It’s also designed to work really well in your hand. The camera comes with a side grip that’s very repositionable with an easily reachable release lever. Just release the lever, and the grip is free to rotate. The grip fit perfectly in my palm, with controls either just under where my fingers naturally fell or within easy reach. The buttons included the standard remote buttons, like zoom and start/stop, but also a user definable button and a corresponding joystick, for quick access to menus.
Top: the handgrip in hand, Bottom: button map
The grip is mounted very close to the camera body, in order to optimize the center of gravity while holding it. The camera is small and light enough that while holding it this way without the top handle and LCD viewfinder it’s reminiscent of holding a Handicam. However, if you have a long lens, or a similar setup where the center of gravity alters significantly, and need to move the grip up, you can remove it and mount an ARRI rosette plate (sold separately).
The FS5, without top handle or LCD viewfinder
The camera also comes with a top handle that has GPS built-in, mounting points for the LCD viewfinder, an XLR input, and a Multi Interface hot-shoe mount. The handle also has its own stereo microphone built into the front, but the camera itself can only record two channels of audio.
Sony has positioned this camera to fall between DSLRs and the FS7. The MSRP is $6,699 for the body only, or $7,299 with a kit lens (18-105mm). The actual street prices will be lower than that, so the FS5 should fit comfortably between the two. Sony envisions this as their “grab and go” camera, ideal for remote documentary and unscripted TV or even web series. The camera is small, light and maneuverable enough to certainly be that. They wanted a camera that would be unintimidating to a non-professional, and I think they achieved that. However, without things like genlock timecode, and its E-mount lens mount, this camera is less ideal for cinema applications. There are other cameras around the same price point that are better suited for cinema (Blackmagic, RED Scarlet), so that’s totally fine. This camera definitely has its DNA deeply rooted in the camcorder days of yore, and will feel right at home with someone shooting and producing content for documentaries and TV. They showed a brief clip of footage, and it looked sharp with rich colors. I still tend to favor the color coming out of the Canon C series over the FS5, but it’s still solid footage. Projected availability is November 2015. For a full breakdown of specs, visit www.sony.com/fs5.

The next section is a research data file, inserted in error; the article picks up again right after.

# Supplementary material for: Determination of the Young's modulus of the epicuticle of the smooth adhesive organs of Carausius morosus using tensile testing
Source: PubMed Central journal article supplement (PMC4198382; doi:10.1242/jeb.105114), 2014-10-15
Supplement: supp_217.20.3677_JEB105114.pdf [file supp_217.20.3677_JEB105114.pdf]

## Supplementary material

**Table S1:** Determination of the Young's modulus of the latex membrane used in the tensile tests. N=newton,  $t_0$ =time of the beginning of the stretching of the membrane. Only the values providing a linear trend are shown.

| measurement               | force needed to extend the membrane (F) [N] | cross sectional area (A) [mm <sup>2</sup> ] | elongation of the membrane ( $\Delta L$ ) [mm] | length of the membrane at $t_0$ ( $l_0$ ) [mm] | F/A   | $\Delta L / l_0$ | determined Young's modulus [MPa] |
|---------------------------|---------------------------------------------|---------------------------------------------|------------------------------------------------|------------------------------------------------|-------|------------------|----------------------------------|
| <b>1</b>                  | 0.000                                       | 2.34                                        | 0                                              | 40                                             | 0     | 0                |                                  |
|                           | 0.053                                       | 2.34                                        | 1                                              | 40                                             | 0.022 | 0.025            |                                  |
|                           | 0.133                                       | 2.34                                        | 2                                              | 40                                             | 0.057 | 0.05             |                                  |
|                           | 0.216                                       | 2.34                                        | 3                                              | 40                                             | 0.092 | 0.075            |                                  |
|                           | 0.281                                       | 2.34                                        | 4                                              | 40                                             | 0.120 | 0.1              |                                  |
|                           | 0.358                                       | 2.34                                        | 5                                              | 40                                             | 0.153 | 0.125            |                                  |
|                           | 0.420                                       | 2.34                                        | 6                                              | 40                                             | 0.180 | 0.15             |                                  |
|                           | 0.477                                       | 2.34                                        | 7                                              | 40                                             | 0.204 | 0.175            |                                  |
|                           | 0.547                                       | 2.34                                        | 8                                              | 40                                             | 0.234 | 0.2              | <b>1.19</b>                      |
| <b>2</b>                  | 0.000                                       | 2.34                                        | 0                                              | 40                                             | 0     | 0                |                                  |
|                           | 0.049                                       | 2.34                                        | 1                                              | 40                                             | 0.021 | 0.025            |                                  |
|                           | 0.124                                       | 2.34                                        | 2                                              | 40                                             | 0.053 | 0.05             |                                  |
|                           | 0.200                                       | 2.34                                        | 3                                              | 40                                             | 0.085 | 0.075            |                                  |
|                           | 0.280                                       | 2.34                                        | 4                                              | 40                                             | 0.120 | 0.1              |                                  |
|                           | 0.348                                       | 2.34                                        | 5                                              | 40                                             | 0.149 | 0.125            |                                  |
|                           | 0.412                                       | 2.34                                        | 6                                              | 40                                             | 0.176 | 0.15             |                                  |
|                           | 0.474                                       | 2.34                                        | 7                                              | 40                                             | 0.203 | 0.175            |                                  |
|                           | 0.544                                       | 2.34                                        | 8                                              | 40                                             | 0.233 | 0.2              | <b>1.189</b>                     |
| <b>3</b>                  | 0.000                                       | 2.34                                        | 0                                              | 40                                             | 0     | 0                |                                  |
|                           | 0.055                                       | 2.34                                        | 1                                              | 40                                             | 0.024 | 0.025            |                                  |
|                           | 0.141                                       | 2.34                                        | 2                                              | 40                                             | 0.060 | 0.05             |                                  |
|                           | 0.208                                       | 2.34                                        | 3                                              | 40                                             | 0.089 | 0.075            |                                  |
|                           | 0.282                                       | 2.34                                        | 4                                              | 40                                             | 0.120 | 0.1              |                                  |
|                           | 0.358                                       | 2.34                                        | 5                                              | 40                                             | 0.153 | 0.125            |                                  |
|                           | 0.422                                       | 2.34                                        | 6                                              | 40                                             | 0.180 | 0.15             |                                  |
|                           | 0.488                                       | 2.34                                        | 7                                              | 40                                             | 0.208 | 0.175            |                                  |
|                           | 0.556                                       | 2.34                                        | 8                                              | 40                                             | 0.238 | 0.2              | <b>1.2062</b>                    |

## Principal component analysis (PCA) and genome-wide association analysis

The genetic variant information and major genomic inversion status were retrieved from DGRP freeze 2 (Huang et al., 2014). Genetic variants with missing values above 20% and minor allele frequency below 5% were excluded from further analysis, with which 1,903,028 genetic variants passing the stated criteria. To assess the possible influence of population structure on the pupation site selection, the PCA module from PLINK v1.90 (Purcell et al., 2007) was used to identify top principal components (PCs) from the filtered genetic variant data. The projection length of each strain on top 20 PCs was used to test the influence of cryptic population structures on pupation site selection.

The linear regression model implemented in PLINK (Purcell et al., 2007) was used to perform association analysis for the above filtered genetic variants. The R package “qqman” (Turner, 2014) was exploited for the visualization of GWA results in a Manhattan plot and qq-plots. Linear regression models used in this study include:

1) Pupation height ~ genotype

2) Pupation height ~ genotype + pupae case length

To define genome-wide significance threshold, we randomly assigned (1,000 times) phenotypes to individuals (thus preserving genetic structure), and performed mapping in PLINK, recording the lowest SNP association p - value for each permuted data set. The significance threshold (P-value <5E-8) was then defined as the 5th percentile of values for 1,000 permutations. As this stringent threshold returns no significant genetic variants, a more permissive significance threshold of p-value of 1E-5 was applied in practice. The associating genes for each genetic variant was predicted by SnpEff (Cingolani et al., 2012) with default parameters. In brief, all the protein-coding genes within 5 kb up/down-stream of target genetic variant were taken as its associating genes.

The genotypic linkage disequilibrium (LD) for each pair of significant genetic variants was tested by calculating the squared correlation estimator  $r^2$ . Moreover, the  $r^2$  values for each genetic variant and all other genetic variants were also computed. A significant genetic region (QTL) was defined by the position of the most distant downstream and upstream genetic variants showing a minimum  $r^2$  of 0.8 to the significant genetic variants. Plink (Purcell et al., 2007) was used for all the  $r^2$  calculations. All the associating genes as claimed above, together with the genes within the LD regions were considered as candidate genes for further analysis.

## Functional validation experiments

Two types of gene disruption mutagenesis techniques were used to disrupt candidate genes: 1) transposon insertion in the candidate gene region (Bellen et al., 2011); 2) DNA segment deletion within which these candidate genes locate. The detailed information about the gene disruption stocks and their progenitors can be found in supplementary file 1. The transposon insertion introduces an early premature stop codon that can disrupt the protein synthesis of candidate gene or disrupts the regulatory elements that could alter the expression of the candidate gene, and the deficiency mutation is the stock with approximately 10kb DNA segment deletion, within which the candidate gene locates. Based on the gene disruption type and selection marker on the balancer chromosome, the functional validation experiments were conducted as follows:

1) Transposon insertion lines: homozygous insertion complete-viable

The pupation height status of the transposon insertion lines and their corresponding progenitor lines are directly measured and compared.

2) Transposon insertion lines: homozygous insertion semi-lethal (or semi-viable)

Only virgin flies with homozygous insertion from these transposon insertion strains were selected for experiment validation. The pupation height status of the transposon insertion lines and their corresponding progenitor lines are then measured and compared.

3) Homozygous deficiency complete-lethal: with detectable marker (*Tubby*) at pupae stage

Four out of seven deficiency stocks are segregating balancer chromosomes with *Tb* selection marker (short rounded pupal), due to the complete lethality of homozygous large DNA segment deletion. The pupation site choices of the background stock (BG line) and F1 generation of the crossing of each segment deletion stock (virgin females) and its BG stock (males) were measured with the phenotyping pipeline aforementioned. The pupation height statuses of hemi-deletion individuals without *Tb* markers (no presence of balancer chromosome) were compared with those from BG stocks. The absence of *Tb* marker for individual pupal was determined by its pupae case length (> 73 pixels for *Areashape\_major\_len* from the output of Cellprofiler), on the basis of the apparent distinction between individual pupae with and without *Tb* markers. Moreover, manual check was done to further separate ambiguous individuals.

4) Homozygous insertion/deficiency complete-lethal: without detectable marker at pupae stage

However, that wasn’t all Sony showed. The FS5 is pretty neat, but I was much more excited for the other thing Sony brought out. Tucked away in a corner of the room where they had put an FS5 in a “studio” set-up was a little download station. Centered around a MacBook Pro, the simple station had a Thunderbolt card reader and offload drive. The PSZ-RA drive is a brand new product from Sony, and I’m almost more excited about this little piece of hardware than I am about the new camera. It’s a small, two disk RAID that comes in 4TB and 6TB options. It’s similar to G-Tech’s popular G-RAIDs, with one notable exception. This thing is ruggedized. Imagine a LaCie Rugged the size and shape of a G-RAID (but without that awful orange — this is Sony-gray). The disks inside are buffered; it’s rated to be dropped from about a foot and can safely be tilted four inches in any direction. It supports RAID-0, -1 and JBOD. To me, set at RAID-1, it’s the perfect on-set shuttle drive. It even has a handle on top!
Overall, I saw a couple of really exciting things from Sony, and while I think a lot of people are really going to like the FS5, I’m dying to get the PSZ-RA drives on set.
Post production professional, specializing in dailies workflows as an Outpost Technician at Light Iron New York, and all-around tech-head.